District Court Enters Permanent Injunction against Nevada Animal Drug Manufacturer to Prevent Distribution of Adulterated Drug
The U.S. District Court for the District of Nevada entered a consent decree of permanent injunction against Bio Health Solutions LLC, of Reno, Nevada, and Mark Garrison, its manager, to prevent the distribution of RenAvast, an animal drug that is adulterated, the Department of Justice announced today.
“The department will not hesitate to bring enforcement actions against animal drug producers who do not follow the necessary procedures to comply with our nation’s animal drug laws,” said Principal Deputy Assistant Attorney General Benjamin C. Mizer, head of the Department of Justice’s Civil Division.
On July 9, the department filed a complaint in U.S. District Court at the request of the U.S. Food and Drug Administration (FDA) alleging that Bio Health Solutions and Garrison caused the shipment of RenAvast in interstate commerce in violation of federal law. The complaint alleged that Bio Health Solutions markets, sells and distributes RenAvast, which the company describes as an animal supplement, and that the company intended that RenAvast be used to treat and prevent kidney disease and chronic renal failure in cats and dogs.
Under the federal Food, Drug and Cosmetic Act (FDCA), a new animal drug includes any drug intended for use for animals, the composition of which is such that it is not generally recognized as safe and effective for use under the conditions prescribed, recommended or suggested in its labeling. A new animal drug that lacks FDA approval or otherwise fails to meet an exception under the law is deemed to be unsafe, and a new animal drug that is unsafe under the law is deemed to be adulterated. The complaint alleged that defendants caused the shipment of RenAvast, an adulterated animal drug, into interstate commerce.
In conjunction with the filing of the complaint, the defendants agreed to settle the litigation and be bound by a consent decree of permanent injunction that prohibits them from introducing or delivering for introduction into interstate commerce, manufacturing, processing, packaging, labeling, holding, selling or distributing RenAvast. In addition, these same restrictions apply to any other product intended to diagnose, cure, mitigate, treat or prevent disease, unless and until a new animal drug application has been approved, or the product meets the requirements for an investigational new animal drug exemption in the law.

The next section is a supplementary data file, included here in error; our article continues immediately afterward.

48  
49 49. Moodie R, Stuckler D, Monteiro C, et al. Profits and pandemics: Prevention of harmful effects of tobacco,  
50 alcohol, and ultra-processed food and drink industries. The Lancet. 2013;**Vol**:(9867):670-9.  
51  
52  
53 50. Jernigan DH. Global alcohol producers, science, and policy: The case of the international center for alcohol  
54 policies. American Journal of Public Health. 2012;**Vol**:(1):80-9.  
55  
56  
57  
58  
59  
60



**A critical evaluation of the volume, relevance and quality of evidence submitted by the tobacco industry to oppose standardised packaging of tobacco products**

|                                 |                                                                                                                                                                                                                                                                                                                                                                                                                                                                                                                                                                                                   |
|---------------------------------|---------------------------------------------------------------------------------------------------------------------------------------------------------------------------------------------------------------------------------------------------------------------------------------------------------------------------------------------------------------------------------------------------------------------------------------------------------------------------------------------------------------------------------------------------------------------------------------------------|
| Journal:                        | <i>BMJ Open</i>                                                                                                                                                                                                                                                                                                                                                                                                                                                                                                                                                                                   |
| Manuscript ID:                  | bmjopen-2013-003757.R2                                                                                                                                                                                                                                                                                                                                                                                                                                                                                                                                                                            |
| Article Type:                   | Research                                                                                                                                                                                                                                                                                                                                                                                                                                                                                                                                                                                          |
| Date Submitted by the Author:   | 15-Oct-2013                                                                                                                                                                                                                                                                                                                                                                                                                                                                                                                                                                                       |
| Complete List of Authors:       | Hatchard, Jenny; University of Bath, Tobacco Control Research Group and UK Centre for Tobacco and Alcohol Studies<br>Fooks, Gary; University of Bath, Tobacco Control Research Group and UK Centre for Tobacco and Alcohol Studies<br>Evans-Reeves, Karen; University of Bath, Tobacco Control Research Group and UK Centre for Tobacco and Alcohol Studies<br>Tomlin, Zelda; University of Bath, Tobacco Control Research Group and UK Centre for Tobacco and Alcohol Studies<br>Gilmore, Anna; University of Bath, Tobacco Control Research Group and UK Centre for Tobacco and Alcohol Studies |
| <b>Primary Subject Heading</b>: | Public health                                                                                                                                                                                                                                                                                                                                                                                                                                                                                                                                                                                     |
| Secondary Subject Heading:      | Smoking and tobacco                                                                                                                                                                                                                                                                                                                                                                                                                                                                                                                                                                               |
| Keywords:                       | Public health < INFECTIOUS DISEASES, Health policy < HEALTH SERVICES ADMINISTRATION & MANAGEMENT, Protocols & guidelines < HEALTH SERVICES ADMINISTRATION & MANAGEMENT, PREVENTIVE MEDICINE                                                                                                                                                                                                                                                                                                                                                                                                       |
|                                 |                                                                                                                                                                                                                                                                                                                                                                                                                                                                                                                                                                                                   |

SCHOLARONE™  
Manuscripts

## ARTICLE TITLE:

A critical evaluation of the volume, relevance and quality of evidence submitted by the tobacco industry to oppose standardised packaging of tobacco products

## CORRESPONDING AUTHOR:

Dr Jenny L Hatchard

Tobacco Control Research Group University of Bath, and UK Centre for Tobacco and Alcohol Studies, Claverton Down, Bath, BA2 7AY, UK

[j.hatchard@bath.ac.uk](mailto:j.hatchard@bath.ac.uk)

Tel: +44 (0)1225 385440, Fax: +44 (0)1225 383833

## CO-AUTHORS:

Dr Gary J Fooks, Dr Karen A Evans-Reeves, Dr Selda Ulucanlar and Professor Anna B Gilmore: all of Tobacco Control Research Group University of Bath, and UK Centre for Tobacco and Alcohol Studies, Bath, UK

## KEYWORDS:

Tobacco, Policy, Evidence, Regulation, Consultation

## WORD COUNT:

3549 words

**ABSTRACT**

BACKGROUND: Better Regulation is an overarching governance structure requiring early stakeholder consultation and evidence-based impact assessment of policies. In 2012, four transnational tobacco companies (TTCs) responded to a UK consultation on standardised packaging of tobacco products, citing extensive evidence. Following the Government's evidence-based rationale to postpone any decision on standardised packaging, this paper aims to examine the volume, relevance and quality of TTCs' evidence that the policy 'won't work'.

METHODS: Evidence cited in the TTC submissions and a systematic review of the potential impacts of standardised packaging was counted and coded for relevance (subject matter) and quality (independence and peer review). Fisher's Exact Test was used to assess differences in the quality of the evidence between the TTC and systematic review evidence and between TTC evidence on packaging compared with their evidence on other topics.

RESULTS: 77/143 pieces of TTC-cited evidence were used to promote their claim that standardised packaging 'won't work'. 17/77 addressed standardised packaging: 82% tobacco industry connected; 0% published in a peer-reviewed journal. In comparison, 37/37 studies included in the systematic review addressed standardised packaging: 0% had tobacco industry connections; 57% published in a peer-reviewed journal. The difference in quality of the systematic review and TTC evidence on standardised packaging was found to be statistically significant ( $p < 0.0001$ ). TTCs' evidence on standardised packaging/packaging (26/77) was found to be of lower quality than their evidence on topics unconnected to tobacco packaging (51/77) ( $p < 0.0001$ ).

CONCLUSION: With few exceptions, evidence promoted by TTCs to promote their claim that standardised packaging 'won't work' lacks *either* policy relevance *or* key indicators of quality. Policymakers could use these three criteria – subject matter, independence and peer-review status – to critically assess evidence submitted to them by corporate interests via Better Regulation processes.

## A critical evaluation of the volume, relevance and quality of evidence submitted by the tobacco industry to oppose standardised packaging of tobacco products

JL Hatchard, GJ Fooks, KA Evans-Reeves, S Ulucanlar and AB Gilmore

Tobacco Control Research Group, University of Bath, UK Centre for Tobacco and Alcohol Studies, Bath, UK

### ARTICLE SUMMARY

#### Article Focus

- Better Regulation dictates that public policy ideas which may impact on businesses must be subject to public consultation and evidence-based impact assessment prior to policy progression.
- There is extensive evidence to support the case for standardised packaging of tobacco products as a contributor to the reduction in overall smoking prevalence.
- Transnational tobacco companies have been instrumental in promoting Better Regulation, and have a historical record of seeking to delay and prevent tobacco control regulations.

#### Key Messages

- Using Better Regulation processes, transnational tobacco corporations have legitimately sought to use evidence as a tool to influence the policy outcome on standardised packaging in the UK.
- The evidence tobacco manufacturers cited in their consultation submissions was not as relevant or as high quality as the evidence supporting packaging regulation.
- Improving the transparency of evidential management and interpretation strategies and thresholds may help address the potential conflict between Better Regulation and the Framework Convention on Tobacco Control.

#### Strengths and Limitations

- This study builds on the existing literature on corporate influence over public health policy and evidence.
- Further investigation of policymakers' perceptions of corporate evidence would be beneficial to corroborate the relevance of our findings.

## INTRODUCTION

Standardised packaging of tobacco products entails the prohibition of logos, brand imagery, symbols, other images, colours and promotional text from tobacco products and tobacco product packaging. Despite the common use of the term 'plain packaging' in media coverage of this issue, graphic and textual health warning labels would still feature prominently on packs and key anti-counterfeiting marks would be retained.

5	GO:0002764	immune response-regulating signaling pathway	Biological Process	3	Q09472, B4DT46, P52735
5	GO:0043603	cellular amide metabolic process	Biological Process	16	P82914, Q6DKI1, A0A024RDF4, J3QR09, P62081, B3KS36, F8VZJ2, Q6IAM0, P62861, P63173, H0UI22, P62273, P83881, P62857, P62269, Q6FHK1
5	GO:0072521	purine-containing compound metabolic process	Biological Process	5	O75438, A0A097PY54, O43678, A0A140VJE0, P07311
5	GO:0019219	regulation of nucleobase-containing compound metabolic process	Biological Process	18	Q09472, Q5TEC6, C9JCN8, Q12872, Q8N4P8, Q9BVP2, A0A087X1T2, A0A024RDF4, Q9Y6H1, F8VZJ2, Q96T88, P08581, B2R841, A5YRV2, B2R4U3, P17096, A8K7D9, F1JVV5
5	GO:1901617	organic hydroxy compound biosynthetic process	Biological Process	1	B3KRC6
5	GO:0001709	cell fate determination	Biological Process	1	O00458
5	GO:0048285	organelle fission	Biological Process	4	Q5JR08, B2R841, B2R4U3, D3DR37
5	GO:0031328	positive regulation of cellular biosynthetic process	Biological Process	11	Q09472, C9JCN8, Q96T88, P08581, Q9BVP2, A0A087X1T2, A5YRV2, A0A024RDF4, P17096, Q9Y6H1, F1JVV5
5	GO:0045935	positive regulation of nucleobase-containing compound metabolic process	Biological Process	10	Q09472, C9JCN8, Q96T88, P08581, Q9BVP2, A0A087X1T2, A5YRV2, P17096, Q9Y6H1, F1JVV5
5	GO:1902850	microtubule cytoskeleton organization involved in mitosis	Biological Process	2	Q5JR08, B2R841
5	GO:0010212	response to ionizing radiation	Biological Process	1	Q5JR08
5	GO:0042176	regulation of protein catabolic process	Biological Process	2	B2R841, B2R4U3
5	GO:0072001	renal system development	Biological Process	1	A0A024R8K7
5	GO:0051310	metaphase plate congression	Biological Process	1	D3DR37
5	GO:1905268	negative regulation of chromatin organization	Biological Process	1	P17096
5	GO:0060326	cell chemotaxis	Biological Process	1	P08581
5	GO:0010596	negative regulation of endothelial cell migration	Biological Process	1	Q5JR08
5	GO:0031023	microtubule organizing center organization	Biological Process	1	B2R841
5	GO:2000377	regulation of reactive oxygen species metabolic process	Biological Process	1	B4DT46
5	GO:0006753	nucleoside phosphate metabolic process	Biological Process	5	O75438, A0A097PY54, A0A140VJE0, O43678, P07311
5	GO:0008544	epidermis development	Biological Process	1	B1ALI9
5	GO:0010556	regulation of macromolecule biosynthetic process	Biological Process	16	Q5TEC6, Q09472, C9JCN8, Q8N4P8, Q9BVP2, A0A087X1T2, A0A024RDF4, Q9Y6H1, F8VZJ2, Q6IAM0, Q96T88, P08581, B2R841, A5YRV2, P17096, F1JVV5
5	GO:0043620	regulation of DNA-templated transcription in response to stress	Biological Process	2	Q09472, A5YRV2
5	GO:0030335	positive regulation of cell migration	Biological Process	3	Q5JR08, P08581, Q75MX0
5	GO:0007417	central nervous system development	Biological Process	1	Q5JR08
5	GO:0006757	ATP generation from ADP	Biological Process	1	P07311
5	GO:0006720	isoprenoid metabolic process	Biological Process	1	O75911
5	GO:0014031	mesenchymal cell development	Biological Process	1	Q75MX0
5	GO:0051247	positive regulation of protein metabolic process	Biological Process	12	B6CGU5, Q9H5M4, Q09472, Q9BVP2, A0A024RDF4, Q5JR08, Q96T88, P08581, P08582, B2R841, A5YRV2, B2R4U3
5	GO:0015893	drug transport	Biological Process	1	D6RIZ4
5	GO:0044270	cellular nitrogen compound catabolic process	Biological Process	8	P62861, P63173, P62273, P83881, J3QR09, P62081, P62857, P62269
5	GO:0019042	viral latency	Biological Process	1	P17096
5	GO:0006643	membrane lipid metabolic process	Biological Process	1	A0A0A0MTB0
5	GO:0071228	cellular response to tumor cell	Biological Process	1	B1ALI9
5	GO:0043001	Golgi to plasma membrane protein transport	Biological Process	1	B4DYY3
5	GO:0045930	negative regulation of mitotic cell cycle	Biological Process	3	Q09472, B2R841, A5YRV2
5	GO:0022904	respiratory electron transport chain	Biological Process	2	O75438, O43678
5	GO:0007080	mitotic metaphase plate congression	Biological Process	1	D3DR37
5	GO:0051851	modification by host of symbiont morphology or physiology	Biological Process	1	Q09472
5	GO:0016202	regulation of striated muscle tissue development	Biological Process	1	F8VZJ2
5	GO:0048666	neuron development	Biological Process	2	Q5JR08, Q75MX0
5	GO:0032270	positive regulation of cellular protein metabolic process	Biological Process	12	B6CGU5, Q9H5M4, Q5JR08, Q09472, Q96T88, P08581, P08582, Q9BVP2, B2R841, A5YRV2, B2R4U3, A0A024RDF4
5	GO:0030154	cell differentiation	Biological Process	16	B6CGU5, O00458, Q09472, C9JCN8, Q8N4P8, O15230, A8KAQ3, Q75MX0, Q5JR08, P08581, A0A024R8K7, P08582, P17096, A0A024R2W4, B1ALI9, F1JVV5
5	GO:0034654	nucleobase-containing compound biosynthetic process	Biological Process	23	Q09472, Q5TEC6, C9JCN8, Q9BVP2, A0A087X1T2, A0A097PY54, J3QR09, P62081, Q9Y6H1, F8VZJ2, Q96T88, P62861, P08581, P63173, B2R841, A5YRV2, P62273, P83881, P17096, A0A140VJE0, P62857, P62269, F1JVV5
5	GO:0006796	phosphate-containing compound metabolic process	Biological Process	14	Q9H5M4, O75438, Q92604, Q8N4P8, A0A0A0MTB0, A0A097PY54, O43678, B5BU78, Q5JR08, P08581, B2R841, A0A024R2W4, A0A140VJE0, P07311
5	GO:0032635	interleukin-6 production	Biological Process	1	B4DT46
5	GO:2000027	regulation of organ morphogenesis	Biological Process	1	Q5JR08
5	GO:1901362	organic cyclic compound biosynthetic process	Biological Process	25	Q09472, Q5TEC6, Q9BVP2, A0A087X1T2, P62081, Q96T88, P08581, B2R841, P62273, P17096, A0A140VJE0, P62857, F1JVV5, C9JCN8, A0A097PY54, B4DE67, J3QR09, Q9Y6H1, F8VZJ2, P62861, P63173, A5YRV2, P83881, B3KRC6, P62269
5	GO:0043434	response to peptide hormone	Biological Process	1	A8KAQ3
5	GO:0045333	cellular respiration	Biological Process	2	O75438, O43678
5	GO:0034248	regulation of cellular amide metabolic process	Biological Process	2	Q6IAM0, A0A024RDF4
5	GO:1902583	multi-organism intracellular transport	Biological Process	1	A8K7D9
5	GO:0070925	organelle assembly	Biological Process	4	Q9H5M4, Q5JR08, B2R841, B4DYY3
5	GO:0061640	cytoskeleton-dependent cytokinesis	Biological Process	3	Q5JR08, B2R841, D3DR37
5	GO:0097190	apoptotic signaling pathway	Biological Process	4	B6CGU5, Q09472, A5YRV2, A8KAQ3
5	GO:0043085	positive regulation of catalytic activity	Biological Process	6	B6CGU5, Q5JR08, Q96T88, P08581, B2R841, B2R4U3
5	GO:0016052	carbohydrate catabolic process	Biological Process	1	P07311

According to the complaint, the FDA issued a warning letter to Garrison on Aug. 1, 2012. The letter cited numerous statements throughout the defendants’ website and other promotional materials that showed the intended use of RenAvast was to prevent and/or treat kidney disease and chronic renal failure in cats. The FDA’s letter warned Garrison that RenAvast could not be legally marketed because it was a new animal drug that was not approved by the FDA.
The complaint further alleged that in November 2012, a representative for the company informed the FDA that the company had complied with FDA requests to remove statements on its website and in other promotional materials that showed its intent that RenAvast be used to mitigate, treat and prevent chronic renal failure in cats and in dogs. Nevertheless, the complaint alleged that after these assurances, Bio Health Solutions created a password-protected section on its website that contained numerous express disease claims. In addition, as alleged in the complaint, the FDA conducted undercover purchases of RenAvast, and such purchases confirmed that the defendants continued to make claims about RenAvast that caused it to be an adulterated drug under the FDCA.
The government is represented by Trial Attorney David A. Frank of the Civil Division’s Consumer Protection Branch, with the assistance of Associate Chief Counsel Steven J. Tave of the Department of Health and Human Services’ Office of General Counsel-Food and Drug Division and Assistant U.S. Attorney Greg Addington of the District of Nevada.